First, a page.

Not long after DuPage County was granted the authority to dismantle some of the more obscure local units of government, county board Chairman Dan Cronin is taking aim at a tiny target: mosquitoes.
As we all know, Illinois has struggled mightily with its economy, has the worst credit rating in the nation and so forth. But there's one area where we're second to none: government. There are almost 7,000 units of government in Illinois, with Pennsylvania a distant second. Many of these governments, from municipal boards to fire districts and, yes, mosquito abatement, crisscross the suburbs. DuPage County alone has more than 400.
Cronin, a former state legislator, has been on a crusade to reduce that number. It wasn't too long into the process that he discovered how tough that could be: In the eastern portion of the county, a sanitary district that existed only on paper and provided no services was the first to be considered for potential dissolution. Even the appointed officials running the district agreed it served no useful purpose anymore. Despite that unanimity for getting rid of an unneeded layer of government, state law prevented the county from taking action. So Cronin persuaded two local legislators, Tom Cullerton of Villa Park and Deborah Conroy of Elmhurst, to sponsor a bill that would give DuPage County alone the authority to "thoughtfully consider the dissolution of a narrow set of county-appointed (nonelected) agencies when it is determined that cost savings can be realized." The measure passed unanimously in the state Senate and by a vote of 108 to 6 in the House.
Despite the lopsided vote, it still isn't exactly a mandate to quickly knock Illinois off its perch in the most-governments sweepstakes. So one could argue that all of this may be more of a symbolic gesture than meaningful reform. Cronin has his eye on 13 governments in DuPage, ranging from those "paper" districts to a -- get this -- street lighting district near Naperville established decades ago to pay for illuminating streets in one subdivision.
But first, Cronin thinks we need fewer hands trying to ward off those pesky mosquitoes. No fewer than 45 governments, including some specialized mosquito abatement districts, are involved in mosquito control. The issue has taken on a heightened urgency with the number of cases of mosquito-borne illnesses, such as West Nile virus, continuing to grow. Cronin recommends using as a model Bloomingdale Township, which got into the government consolidation business quite by accident. In 1999, the township found itself with an unexpected surplus. It opted to take over mosquito abatement for all of the township, with all the other governments chipping in toward the cost. That plan remains in effect today, and Cronin reasons, if implemented in DuPage's other eight townships, mosquito abatement would be handled by nine agencies rather than 45. Of course, nothing ever comes off without a hitch. One potential stumbling block is the forest preserve district, DuPage's biggest property owner with 12 percent of the county's total acreage. The district has a no-spraying policy, which might be at odds with the big-picture mosquito abatement plan.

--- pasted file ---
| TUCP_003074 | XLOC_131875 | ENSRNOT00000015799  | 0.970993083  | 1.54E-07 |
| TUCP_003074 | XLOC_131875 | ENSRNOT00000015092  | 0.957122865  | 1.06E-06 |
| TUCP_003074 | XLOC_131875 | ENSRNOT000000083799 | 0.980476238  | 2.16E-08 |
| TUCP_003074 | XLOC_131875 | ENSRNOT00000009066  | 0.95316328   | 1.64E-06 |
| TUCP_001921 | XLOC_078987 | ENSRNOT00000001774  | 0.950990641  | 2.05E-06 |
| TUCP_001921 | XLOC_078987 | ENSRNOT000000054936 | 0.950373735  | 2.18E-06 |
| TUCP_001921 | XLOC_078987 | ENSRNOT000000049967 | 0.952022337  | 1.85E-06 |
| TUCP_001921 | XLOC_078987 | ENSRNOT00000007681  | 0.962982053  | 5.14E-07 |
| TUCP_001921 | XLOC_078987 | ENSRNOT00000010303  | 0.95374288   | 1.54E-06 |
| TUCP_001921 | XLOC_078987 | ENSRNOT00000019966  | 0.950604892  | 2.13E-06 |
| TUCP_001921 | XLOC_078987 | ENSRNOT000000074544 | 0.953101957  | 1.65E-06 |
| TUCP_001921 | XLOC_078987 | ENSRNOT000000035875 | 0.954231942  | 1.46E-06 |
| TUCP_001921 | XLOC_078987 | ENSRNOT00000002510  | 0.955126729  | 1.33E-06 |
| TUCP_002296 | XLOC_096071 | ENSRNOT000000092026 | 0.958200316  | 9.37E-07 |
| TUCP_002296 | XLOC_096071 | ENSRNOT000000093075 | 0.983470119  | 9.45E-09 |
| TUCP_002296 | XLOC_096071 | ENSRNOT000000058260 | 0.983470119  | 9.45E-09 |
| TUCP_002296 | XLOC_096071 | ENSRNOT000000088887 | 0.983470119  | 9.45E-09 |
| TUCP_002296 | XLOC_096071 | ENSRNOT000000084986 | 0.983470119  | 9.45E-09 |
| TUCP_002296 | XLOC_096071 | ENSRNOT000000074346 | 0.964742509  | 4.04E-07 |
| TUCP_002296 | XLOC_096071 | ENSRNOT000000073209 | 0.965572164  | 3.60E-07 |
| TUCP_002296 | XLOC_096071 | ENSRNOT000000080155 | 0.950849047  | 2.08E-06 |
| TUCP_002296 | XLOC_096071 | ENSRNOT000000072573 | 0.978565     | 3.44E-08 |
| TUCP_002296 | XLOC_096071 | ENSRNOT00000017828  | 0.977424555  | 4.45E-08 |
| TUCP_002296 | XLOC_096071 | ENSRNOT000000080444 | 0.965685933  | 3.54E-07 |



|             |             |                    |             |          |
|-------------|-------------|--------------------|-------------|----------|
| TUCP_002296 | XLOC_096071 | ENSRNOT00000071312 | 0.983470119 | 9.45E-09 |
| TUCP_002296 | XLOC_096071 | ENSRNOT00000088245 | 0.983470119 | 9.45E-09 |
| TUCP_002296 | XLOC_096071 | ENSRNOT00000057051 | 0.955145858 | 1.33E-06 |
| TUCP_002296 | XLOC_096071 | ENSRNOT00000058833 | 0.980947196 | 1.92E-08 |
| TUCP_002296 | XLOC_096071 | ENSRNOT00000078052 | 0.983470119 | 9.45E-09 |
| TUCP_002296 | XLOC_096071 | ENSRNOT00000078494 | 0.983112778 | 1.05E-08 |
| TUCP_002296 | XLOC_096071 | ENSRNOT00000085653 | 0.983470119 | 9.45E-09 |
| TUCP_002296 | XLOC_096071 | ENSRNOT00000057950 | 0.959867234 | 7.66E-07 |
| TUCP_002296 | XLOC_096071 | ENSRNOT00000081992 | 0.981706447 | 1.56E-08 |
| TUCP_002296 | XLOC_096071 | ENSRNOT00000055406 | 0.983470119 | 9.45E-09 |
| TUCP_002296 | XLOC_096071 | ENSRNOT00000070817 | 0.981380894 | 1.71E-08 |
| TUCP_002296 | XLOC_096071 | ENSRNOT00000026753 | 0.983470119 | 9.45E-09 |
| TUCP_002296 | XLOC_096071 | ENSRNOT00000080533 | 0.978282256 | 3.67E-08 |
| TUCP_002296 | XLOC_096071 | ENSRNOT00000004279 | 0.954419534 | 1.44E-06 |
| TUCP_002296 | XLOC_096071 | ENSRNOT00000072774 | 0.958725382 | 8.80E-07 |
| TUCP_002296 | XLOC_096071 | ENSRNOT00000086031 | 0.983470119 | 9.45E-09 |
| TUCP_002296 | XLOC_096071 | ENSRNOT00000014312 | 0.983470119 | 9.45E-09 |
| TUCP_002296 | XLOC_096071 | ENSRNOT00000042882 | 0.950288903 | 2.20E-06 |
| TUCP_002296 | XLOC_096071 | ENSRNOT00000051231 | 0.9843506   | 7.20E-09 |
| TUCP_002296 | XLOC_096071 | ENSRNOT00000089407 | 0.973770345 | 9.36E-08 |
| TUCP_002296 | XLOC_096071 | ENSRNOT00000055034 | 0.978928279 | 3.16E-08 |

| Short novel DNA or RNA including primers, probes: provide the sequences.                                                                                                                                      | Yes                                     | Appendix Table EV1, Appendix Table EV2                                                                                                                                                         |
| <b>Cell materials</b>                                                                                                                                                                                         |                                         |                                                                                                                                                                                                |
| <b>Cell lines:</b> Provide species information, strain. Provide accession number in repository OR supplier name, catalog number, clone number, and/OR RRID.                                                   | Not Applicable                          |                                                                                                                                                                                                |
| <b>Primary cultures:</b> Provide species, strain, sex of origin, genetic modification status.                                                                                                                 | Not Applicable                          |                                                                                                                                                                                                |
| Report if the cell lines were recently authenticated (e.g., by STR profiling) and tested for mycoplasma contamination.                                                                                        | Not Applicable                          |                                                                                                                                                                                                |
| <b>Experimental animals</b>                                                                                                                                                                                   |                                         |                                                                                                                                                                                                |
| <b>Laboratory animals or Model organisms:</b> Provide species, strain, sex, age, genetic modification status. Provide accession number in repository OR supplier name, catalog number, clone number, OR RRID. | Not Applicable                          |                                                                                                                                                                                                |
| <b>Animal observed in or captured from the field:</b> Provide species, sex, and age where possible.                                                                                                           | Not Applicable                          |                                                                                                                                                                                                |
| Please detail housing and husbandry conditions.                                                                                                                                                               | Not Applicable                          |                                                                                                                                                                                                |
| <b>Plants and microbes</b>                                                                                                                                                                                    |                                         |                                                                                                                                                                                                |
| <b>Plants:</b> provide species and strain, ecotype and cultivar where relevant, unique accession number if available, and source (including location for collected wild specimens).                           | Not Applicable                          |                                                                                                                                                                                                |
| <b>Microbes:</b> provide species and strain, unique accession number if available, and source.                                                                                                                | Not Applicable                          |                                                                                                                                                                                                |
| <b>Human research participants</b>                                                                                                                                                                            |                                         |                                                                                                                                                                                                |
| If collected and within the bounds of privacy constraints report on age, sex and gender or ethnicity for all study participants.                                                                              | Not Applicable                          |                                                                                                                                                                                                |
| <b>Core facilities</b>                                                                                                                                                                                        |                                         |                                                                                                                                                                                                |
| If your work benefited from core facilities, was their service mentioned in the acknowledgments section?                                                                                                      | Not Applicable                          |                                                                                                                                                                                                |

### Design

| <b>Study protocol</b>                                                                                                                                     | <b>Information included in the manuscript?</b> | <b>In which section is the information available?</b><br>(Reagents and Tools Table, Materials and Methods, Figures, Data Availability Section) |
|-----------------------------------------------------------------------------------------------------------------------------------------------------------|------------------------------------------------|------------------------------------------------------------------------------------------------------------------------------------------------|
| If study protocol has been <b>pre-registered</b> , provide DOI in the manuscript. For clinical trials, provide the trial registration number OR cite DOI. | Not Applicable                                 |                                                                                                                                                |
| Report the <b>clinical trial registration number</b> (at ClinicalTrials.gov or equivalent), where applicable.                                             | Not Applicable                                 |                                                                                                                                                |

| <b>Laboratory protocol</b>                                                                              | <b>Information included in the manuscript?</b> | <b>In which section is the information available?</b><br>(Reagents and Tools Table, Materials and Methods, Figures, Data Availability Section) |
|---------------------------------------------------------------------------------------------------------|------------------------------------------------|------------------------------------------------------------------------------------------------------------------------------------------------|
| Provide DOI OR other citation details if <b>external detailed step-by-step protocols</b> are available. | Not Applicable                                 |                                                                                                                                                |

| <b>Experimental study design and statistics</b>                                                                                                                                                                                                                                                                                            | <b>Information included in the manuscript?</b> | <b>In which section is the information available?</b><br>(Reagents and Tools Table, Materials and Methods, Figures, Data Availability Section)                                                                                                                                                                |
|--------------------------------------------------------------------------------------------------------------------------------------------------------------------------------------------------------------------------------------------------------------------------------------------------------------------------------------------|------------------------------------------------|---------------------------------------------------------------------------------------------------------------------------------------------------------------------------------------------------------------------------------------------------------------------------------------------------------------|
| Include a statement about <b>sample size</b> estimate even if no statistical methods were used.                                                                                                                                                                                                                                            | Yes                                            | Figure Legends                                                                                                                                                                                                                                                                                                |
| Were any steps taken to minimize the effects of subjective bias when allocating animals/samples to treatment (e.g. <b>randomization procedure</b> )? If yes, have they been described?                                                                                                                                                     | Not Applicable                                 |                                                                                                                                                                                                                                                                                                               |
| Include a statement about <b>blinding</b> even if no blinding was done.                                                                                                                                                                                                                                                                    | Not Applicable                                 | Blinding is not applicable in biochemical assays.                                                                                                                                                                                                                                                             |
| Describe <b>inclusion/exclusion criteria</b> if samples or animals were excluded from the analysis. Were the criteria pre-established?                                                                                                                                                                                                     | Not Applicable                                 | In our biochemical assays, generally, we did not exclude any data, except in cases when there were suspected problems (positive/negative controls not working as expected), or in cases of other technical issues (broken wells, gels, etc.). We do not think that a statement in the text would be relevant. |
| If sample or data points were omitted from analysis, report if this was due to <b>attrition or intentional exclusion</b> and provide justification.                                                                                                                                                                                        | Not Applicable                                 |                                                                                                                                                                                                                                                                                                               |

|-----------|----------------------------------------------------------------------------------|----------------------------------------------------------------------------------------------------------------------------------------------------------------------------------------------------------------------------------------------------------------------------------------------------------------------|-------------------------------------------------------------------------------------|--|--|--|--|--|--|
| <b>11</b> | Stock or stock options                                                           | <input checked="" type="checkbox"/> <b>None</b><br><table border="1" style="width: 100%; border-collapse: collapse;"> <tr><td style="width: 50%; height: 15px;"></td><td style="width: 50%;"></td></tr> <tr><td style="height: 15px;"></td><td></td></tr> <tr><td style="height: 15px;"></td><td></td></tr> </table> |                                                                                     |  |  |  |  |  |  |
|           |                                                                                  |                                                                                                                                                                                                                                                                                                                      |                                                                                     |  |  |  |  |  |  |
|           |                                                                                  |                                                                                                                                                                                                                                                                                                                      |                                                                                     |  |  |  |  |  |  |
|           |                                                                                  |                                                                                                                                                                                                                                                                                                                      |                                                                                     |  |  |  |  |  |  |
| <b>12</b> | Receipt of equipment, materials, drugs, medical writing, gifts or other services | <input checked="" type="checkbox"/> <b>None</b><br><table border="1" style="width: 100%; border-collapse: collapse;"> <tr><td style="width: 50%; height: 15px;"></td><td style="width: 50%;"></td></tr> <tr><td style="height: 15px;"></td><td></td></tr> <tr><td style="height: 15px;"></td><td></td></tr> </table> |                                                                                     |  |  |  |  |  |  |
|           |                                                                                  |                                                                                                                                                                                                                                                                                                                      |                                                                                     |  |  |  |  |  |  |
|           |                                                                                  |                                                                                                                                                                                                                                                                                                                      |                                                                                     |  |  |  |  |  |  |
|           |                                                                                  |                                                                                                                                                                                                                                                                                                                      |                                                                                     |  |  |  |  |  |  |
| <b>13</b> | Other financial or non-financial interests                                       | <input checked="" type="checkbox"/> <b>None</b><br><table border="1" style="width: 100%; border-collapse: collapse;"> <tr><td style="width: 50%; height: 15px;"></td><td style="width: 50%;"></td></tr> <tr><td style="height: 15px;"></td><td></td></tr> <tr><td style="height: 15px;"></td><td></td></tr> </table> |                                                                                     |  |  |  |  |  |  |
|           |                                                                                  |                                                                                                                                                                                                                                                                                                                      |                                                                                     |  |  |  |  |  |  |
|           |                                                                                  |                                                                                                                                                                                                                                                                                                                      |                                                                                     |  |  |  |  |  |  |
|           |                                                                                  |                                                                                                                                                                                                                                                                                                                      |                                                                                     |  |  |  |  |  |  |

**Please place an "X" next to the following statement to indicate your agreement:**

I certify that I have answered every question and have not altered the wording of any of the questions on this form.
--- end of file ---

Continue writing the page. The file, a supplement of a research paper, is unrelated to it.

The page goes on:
The county board is slated to discuss all this on Tuesday.
Cronin is quick to point out reform requires baby steps before it becomes a movement. He hopes DuPage can serve as a model for other counties to take similar action. What if, he says, the other 101 counties in Illinois were granted similar authority to winnow down duplicative agencies? That is significant, but, alas, by my math not enough to turn our most-governments distinction over to Pennsylvania.
But it's a start.
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